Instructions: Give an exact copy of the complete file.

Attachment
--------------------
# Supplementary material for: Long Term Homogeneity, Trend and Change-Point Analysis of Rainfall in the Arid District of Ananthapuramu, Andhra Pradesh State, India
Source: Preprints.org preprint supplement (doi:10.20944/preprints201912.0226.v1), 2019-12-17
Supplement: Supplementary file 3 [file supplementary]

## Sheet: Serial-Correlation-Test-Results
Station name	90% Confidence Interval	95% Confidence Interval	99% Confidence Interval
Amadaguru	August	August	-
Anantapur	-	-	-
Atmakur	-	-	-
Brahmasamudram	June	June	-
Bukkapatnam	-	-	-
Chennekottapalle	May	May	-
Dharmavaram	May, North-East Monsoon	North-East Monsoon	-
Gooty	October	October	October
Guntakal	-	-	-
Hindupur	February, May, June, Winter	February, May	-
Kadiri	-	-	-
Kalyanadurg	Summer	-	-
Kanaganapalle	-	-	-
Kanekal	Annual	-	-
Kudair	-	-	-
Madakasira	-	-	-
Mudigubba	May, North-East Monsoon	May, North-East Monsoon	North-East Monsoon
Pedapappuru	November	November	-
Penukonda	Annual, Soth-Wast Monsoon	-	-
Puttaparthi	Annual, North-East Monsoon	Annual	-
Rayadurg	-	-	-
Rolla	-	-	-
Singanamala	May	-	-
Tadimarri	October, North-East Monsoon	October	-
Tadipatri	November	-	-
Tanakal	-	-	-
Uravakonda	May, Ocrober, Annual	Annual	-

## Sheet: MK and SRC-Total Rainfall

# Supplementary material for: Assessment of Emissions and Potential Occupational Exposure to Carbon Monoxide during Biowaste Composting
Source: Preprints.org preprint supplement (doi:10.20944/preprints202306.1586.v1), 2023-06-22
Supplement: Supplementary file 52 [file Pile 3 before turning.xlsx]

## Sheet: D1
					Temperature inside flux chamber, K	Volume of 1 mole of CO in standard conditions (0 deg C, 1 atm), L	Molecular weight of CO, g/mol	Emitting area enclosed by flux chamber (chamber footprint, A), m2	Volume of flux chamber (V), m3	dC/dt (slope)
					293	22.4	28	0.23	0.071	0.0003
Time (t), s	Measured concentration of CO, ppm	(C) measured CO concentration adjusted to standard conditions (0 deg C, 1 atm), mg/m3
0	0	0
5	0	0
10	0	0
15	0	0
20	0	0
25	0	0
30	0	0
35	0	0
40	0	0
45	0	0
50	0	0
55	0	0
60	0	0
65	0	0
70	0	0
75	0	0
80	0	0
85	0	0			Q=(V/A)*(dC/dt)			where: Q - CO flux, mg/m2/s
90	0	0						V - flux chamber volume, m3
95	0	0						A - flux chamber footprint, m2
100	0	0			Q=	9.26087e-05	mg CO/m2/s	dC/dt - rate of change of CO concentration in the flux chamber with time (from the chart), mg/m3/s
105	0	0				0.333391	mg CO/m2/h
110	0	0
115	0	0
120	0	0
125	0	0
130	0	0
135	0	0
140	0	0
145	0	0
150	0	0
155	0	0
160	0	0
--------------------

# Supplementary material for: Long Term Homogeneity, Trend and Change-Point Analysis of Rainfall in the Arid District of Ananthapuramu, Andhra Pradesh State, India
Source: Preprints.org preprint supplement (doi:10.20944/preprints201912.0226.v1), 2019-12-17
Supplement: Supplementary file 3 [file supplementary]

## Sheet: Serial-Correlation-Test-Results
Station name	90% Confidence Interval	95% Confidence Interval	99% Confidence Interval
Amadaguru	August	August	-
Anantapur	-	-	-
Atmakur	-	-	-
Brahmasamudram	June	June	-
Bukkapatnam	-	-	-
Chennekottapalle	May	May	-
Dharmavaram	May, North-East Monsoon	North-East Monsoon	-
Gooty	October	October	October
Guntakal	-	-	-
Hindupur	February, May, June, Winter	February, May	-
Kadiri	-	-	-
Kalyanadurg	Summer	-	-
Kanaganapalle	-	-	-
Kanekal	Annual	-	-
Kudair	-	-	-
Madakasira	-	-	-
Mudigubba	May, North-East Monsoon	May, North-East Monsoon	North-East Monsoon
Pedapappuru	November	November	-
Penukonda	Annual, Soth-Wast Monsoon	-	-
Puttaparthi	Annual, North-East Monsoon	Annual	-
Rayadurg	-	-	-
Rolla	-	-	-
Singanamala	May	-	-
Tadimarri	October, North-East Monsoon	October	-
Tadipatri	November	-	-
Tanakal	-	-	-
Uravakonda	May, Ocrober, Annual	Annual	-

## Sheet: MK and SRC-Total Rainfall

# Supplementary material for: Assessment of Emissions and Potential Occupational Exposure to Carbon Monoxide during Biowaste Composting
Source: Preprints.org preprint supplement (doi:10.20944/preprints202306.1586.v1), 2023-06-22
Supplement: Supplementary file 52 [file Pile 3 before turning.xlsx]

## Sheet: D1
					Temperature inside flux chamber, K	Volume of 1 mole of CO in standard conditions (0 deg C, 1 atm), L	Molecular weight of CO, g/mol	Emitting area enclosed by flux chamber (chamber footprint, A), m2	Volume of flux chamber (V), m3	dC/dt (slope)
					293	22.4	28	0.23	0.071	0.0003
Time (t), s	Measured concentration of CO, ppm	(C) measured CO concentration adjusted to standard conditions (0 deg C, 1 atm), mg/m3
0	0	0
5	0	0
10	0	0
15	0	0
20	0	0
25	0	0
30	0	0
35	0	0
40	0	0
45	0	0
50	0	0
55	0	0
60	0	0
65	0	0
70	0	0
75	0	0
80	0	0
85	0	0			Q=(V/A)*(dC/dt)			where: Q - CO flux, mg/m2/s
90	0	0						V - flux chamber volume, m3
95	0	0						A - flux chamber footprint, m2
100	0	0			Q=	9.26087e-05	mg CO/m2/s	dC/dt - rate of change of CO concentration in the flux chamber with time (from the chart), mg/m3/s
105	0	0				0.333391	mg CO/m2/h
110	0	0
115	0	0
120	0	0
125	0	0
130	0	0
135	0	0
140	0	0
145	0	0
150	0	0
155	0	0
160	0	0